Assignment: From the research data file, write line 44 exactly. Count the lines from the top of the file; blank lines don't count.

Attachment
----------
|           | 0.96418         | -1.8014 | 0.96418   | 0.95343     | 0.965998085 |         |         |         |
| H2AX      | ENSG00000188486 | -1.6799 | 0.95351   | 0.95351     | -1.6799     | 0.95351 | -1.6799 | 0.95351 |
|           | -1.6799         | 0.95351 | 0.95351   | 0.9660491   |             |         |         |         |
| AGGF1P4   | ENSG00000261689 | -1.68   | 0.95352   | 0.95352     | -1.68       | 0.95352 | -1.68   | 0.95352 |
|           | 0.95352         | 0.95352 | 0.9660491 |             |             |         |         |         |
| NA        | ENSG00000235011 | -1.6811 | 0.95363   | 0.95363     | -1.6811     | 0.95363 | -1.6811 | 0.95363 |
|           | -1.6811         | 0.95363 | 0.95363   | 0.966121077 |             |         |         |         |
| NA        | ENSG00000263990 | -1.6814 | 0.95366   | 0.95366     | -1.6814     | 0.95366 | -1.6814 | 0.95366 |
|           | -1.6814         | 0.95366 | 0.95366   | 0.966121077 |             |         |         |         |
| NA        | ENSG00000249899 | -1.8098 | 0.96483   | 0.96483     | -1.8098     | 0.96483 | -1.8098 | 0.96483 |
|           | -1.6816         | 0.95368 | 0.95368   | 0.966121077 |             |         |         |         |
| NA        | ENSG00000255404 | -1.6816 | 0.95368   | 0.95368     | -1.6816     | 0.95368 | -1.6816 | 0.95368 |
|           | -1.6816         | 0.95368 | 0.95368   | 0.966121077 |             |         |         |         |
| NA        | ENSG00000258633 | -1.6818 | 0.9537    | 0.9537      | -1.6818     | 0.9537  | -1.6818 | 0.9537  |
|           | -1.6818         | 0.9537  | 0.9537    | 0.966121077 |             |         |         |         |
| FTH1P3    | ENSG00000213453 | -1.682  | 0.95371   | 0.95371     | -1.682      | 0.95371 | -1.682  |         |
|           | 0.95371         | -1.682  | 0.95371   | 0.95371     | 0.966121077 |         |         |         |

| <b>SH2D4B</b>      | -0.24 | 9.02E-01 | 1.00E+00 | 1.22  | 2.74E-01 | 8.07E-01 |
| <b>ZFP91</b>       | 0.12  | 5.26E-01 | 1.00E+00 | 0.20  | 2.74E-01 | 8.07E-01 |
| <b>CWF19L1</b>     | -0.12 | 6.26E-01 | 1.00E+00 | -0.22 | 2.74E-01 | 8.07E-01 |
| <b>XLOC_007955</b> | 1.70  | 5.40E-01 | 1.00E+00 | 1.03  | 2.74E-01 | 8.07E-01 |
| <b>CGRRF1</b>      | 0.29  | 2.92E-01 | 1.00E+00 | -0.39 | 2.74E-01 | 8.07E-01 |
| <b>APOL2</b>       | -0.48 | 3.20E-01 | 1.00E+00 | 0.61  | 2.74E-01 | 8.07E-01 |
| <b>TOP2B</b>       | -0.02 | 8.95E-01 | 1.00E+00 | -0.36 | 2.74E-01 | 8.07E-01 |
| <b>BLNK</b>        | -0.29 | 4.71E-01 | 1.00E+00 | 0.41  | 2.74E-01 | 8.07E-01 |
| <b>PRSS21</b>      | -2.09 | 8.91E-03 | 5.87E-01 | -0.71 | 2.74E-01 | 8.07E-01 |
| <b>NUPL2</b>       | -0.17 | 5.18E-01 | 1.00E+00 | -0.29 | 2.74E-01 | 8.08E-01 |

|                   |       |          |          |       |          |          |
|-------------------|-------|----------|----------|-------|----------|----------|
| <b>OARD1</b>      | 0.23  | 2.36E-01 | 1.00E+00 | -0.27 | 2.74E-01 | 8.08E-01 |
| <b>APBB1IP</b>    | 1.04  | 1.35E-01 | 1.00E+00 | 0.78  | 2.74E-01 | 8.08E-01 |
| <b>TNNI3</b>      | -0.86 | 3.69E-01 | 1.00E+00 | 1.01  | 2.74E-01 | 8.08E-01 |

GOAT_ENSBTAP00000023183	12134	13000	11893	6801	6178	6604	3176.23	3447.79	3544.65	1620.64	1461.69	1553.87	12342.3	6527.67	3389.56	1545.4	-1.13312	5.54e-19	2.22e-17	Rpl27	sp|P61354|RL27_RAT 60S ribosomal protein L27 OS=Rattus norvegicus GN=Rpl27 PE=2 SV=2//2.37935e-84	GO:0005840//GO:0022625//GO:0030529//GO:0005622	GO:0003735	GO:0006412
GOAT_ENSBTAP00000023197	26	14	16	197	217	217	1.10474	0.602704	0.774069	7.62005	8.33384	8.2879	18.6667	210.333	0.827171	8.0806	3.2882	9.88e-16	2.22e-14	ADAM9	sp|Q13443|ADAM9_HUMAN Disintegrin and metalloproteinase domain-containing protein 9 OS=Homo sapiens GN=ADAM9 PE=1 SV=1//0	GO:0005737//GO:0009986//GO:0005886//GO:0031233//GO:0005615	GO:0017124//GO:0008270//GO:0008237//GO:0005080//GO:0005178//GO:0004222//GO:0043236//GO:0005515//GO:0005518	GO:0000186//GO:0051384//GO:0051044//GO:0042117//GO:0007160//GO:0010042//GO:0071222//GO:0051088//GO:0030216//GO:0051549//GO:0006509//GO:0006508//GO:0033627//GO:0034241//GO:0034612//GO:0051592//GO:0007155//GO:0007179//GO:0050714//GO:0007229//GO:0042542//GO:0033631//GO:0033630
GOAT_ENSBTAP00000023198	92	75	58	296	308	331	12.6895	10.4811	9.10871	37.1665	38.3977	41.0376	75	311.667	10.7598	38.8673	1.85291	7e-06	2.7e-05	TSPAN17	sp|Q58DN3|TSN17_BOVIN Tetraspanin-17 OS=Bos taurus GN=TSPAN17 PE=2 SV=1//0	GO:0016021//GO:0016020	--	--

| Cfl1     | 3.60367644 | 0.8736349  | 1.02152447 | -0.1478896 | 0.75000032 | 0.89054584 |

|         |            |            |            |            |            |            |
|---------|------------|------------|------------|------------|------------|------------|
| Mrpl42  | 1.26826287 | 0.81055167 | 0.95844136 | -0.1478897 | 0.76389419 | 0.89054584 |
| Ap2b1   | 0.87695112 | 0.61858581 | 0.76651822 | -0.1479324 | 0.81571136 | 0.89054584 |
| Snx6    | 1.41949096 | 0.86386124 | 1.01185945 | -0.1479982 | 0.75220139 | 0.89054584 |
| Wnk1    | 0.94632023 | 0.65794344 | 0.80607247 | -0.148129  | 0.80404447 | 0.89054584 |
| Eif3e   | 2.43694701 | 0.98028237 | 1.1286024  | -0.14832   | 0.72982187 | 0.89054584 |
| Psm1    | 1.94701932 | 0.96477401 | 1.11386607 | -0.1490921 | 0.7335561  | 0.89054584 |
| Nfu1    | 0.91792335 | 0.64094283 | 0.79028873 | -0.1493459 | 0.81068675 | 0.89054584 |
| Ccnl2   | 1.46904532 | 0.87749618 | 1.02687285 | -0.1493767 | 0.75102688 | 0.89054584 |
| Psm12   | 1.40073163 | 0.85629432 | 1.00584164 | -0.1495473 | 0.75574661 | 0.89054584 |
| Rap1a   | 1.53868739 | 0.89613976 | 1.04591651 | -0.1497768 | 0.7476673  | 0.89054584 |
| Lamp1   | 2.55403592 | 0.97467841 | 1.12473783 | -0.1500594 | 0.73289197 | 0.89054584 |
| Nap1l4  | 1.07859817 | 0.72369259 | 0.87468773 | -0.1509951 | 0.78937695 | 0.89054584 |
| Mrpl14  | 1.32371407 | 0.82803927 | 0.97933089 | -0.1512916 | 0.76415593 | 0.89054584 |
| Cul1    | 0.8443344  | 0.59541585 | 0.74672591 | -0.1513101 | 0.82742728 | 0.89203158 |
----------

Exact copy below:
| Psm1    | 1.94701932 | 0.96477401 | 1.11386607 | -0.1490921 | 0.7335561  | 0.89054584 |